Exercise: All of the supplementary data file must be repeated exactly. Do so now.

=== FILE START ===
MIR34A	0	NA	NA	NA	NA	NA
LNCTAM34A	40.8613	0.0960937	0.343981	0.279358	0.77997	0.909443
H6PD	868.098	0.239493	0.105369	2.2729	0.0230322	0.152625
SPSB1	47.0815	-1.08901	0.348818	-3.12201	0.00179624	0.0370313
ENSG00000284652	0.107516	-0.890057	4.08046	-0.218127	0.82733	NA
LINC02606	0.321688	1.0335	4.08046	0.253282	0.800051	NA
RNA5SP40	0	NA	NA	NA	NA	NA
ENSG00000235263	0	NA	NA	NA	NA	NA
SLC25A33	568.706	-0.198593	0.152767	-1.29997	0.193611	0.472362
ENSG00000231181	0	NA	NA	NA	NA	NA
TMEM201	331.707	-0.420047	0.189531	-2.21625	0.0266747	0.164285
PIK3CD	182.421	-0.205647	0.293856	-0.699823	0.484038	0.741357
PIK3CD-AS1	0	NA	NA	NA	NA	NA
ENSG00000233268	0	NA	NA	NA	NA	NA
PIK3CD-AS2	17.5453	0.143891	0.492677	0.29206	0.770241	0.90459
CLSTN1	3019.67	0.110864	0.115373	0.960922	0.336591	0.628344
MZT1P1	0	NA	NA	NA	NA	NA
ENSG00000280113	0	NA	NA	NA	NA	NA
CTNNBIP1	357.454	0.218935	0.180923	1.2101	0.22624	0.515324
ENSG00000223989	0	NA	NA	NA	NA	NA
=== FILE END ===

MIR34A	0	NA	NA	NA	NA	NA
LNCTAM34A	40.8613	0.0960937	0.343981	0.279358	0.77997	0.909443
H6PD	868.098	0.239493	0.105369	2.2729	0.0230322	0.152625
SPSB1	47.0815	-1.08901	0.348818	-3.12201	0.00179624	0.0370313
ENSG00000284652	0.107516	-0.890057	4.08046	-0.218127	0.82733	NA
LINC02606	0.321688	1.0335	4.08046	0.253282	0.800051	NA
RNA5SP40	0	NA	NA	NA	NA	NA
ENSG00000235263	0	NA	NA	NA	NA	NA
SLC25A33	568.706	-0.198593	0.152767	-1.29997	0.193611	0.472362
ENSG00000231181	0	NA	NA	NA	NA	NA
TMEM201	331.707	-0.420047	0.189531	-2.21625	0.0266747	0.164285
PIK3CD	182.421	-0.205647	0.293856	-0.699823	0.484038	0.741357
PIK3CD-AS1	0	NA	NA	NA	NA	NA
ENSG00000233268	0	NA	NA	NA	NA	NA
PIK3CD-AS2	17.5453	0.143891	0.492677	0.29206	0.770241	0.90459
CLSTN1	3019.67	0.110864	0.115373	0.960922	0.336591	0.628344
MZT1P1	0	NA	NA	NA	NA	NA
ENSG00000280113	0	NA	NA	NA	NA	NA
CTNNBIP1	357.454	0.218935	0.180923	1.2101	0.22624	0.515324
ENSG00000223989	0	NA	NA	NA	NA	NA